The arrival of level 4 autonomous driving (driver attention still required) is also expected to arrive by 2025, with the Tesla’s FSD (full self-driving) system the industry leader. Tesla’s advantage is its ability to capture the massive volume of data necessary to develop and test an effective autonomous system from its own fleet of vehicles, which we estimate will grow to 15 million vehicles in 2025.

Tesla’s integrated energy solution combines solar panels, battery storage and electric vehicles to offer long-term savings unmatched by any other automaker. A family of four living in Sydney can save A$70,000 in electricity and fuel bills over the next 25 years, covering the purchase cost of a Tesla Model 2 in 2023 and a second Model 2 vehicle in 2035.

The biggest threat to Holon’s EV demand forecasts is insufficient raw materials supply to meet lithium-ion battery demand. To meet our production forecasts until 2030, lithium supply will need to grow by 298% (2030 total demand versus 2019), cobalt by 145%, nickel by 44% and graphite by 198%. While substantial untapped reserves do exist, they must be quickly developed to ensure sufficient supply.

Tesla’s major competitors will struggle to keep up with the company. The world’s largest automakers are drowning in US$900 billion of debt, with half related to customer vehicle financing. The three main German automakers VW, BMW, and Mercedes Benz collectively hold US$450 billion of debt, while GM and Ford together hold US$250 billion, and Toyota holds US$150 billion. Each is also facing steep rising costs from factory closures and staff healthcare and retirement benefit expenses.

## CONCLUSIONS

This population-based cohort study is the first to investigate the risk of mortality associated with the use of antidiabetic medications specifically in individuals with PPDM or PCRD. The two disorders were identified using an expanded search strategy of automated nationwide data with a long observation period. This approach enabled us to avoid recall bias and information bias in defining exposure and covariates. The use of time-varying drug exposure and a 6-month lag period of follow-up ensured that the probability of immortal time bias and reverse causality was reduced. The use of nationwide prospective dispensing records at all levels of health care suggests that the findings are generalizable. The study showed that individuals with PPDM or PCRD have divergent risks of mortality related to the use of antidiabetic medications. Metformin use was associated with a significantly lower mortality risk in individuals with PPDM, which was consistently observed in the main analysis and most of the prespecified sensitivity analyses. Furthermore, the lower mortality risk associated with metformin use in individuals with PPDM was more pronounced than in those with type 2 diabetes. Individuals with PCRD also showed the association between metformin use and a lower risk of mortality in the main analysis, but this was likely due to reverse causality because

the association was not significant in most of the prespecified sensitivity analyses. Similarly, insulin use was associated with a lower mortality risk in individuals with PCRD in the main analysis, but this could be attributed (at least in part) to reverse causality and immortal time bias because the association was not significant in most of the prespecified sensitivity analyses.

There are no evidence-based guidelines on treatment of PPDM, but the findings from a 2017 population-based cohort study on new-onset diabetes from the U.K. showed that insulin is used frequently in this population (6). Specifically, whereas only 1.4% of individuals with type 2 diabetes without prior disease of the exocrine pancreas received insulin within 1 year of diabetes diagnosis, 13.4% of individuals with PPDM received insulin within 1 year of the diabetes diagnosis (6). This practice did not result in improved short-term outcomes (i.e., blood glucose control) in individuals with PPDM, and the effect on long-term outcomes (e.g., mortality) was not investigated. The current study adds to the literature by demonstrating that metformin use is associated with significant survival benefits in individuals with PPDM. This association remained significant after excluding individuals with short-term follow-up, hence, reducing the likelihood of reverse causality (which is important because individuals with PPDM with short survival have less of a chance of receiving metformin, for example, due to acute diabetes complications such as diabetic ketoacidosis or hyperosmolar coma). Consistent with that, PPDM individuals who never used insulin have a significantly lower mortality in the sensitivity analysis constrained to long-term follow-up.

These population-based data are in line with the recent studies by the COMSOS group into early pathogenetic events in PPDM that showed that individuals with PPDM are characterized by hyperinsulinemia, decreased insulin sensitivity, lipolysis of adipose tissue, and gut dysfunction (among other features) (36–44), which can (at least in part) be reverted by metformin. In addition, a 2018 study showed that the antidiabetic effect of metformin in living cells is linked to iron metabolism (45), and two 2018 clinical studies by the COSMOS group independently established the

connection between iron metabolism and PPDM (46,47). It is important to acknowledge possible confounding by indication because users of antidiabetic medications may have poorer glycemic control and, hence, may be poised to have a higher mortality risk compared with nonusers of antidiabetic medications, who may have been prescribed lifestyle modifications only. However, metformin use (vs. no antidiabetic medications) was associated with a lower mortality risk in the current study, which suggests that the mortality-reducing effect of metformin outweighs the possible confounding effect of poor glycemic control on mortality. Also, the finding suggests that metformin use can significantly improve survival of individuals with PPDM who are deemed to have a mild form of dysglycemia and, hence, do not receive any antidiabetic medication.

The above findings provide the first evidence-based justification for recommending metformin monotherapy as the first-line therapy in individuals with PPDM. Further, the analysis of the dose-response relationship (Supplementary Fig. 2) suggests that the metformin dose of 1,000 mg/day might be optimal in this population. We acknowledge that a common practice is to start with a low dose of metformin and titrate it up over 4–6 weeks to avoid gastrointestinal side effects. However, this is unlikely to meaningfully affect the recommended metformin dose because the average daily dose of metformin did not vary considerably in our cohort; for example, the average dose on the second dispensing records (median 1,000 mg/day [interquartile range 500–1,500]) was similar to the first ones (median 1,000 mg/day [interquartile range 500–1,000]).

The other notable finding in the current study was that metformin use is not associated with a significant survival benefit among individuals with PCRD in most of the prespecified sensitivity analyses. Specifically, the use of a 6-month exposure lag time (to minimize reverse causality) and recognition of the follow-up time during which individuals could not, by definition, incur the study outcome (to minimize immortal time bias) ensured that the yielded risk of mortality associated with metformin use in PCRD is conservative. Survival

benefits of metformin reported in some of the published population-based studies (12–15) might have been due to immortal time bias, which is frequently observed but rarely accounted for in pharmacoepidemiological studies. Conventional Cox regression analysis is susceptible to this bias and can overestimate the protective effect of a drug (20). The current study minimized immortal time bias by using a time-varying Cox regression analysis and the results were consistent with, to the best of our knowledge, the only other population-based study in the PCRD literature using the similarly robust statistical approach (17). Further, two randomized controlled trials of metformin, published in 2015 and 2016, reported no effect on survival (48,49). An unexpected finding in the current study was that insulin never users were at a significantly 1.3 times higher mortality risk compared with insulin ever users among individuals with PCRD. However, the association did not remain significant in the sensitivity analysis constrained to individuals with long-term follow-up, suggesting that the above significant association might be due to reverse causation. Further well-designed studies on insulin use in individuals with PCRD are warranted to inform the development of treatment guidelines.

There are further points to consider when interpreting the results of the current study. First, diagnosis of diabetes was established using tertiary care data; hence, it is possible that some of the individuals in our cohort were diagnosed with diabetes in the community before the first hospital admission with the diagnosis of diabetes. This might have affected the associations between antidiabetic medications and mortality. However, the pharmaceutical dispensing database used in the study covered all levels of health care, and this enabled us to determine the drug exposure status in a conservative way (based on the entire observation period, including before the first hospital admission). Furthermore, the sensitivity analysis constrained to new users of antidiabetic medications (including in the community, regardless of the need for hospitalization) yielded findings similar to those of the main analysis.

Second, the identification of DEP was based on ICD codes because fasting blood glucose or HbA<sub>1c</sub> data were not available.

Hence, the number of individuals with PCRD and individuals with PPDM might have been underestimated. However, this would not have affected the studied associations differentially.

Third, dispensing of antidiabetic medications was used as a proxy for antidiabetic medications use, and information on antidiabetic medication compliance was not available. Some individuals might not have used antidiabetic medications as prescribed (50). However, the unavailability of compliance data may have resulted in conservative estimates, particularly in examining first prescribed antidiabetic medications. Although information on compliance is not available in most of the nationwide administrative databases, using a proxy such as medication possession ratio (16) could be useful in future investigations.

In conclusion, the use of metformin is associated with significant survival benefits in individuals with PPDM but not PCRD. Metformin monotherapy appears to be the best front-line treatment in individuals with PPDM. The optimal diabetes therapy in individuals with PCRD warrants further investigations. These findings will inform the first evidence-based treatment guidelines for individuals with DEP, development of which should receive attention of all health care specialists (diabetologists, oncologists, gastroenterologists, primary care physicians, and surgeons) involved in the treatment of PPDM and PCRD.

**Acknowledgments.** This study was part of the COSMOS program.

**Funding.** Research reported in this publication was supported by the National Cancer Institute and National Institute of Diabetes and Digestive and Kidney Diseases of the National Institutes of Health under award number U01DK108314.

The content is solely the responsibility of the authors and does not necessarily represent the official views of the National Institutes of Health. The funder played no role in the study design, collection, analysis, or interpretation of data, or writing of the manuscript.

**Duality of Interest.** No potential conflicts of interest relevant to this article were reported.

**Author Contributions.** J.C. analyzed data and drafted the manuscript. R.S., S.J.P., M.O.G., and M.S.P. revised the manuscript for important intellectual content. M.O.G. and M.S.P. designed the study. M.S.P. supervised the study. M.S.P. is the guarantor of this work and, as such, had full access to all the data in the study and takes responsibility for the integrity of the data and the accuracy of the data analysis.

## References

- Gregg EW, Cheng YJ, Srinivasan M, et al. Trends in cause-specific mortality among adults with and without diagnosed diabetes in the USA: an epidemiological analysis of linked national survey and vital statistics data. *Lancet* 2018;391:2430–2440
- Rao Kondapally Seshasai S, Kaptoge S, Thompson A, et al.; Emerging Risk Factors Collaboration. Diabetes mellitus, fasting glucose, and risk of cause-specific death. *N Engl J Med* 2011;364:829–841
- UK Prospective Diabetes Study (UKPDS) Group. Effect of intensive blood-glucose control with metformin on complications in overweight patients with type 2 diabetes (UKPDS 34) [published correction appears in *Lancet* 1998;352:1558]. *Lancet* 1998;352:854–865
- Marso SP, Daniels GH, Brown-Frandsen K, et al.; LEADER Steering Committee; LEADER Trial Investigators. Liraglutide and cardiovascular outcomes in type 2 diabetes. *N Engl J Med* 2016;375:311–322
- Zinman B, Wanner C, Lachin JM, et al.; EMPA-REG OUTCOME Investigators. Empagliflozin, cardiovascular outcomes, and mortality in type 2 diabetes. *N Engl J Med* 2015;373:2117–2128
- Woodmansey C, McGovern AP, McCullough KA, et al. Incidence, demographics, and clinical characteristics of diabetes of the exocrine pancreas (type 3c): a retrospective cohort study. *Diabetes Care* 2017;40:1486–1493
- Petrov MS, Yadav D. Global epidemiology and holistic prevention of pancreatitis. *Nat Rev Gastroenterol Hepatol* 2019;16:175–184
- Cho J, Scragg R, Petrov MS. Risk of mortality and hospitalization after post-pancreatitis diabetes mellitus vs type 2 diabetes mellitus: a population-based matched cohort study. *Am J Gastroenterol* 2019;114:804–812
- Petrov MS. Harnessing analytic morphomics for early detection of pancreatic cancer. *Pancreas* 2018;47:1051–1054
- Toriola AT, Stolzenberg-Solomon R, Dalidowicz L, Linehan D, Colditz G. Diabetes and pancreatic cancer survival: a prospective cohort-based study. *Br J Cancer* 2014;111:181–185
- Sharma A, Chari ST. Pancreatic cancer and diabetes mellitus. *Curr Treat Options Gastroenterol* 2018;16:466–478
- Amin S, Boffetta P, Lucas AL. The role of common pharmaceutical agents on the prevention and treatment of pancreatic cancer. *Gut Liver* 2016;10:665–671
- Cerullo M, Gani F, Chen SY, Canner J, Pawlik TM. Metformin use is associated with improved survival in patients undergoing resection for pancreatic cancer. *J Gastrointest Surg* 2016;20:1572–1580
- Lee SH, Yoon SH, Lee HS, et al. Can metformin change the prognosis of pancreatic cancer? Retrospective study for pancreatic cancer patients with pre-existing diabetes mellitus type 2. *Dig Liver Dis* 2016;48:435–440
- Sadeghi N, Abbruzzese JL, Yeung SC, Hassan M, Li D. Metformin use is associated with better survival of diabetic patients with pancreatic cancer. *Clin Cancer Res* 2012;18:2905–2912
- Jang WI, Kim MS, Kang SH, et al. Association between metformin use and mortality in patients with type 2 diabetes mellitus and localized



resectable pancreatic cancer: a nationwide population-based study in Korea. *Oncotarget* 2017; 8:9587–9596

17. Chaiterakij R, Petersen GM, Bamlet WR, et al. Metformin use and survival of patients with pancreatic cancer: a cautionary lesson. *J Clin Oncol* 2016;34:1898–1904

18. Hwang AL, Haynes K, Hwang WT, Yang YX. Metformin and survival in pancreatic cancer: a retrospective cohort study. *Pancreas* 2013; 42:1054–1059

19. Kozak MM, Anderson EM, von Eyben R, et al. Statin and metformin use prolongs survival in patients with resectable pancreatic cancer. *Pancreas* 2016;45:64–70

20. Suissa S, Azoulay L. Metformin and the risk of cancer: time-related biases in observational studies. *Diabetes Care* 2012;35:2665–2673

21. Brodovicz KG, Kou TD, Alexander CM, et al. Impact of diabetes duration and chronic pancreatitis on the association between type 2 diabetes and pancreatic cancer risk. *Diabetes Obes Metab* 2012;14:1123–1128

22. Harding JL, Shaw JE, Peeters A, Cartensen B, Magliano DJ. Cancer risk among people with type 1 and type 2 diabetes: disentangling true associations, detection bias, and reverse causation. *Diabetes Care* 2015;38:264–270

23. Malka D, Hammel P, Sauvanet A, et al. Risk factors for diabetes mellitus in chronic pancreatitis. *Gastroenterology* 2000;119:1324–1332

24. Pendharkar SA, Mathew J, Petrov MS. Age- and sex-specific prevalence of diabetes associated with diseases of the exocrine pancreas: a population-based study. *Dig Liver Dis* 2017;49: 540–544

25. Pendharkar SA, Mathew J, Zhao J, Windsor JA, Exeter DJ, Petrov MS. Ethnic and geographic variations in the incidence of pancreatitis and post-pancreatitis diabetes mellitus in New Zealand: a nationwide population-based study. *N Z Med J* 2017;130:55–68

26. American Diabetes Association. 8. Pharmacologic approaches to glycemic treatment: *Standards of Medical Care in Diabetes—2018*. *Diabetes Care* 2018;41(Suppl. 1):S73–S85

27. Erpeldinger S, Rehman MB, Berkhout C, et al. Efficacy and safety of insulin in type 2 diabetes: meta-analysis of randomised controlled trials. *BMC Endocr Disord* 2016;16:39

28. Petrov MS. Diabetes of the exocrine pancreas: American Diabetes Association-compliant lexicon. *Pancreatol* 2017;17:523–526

Insufficient free-cash flow has prevented traditional automakers from building enough EV capacity, leaving them unable to compete effectively against Tesla. Holon believes that many traditional automakers could vanish in as little as 10 years.

China’s automakers are in a much stronger financial position and look set to capture global market share, particularly across developing markets. Rising wealth across India should see vehicle ownership rise from 9% today to over 30% by 2050, with strong Indian EV brands likely to emerge in a market capturing one in every four EVs sold globally over the next 30 years.

If sufficient raw material can be supplied to meet battery material demand, Holon predicts Tesla’s annual free cash flow will reach $US500 billion by 2037 and $US1 trillion by 2047 and allow dividend payments and share buybacks to begin from 2025.

Using a discounted cash-flow (DCF) valuation approach, Holon’s current share price valuation for Tesla is $US3,369, substantially higher than its current $US785 share price.

We expect Tesla’s revenue to hit $US1 trillion by 2032 and surpass $US2 trillion from 2039, allowing Tesla to accumulate long-term investment assets reaching $US10 trillion by 2050. This would support a valuation beyond $US20 trillion by 2050. Holon believes that Tesla is a once-in-a-generation opportunity and must therefore be a core long-term investment holding.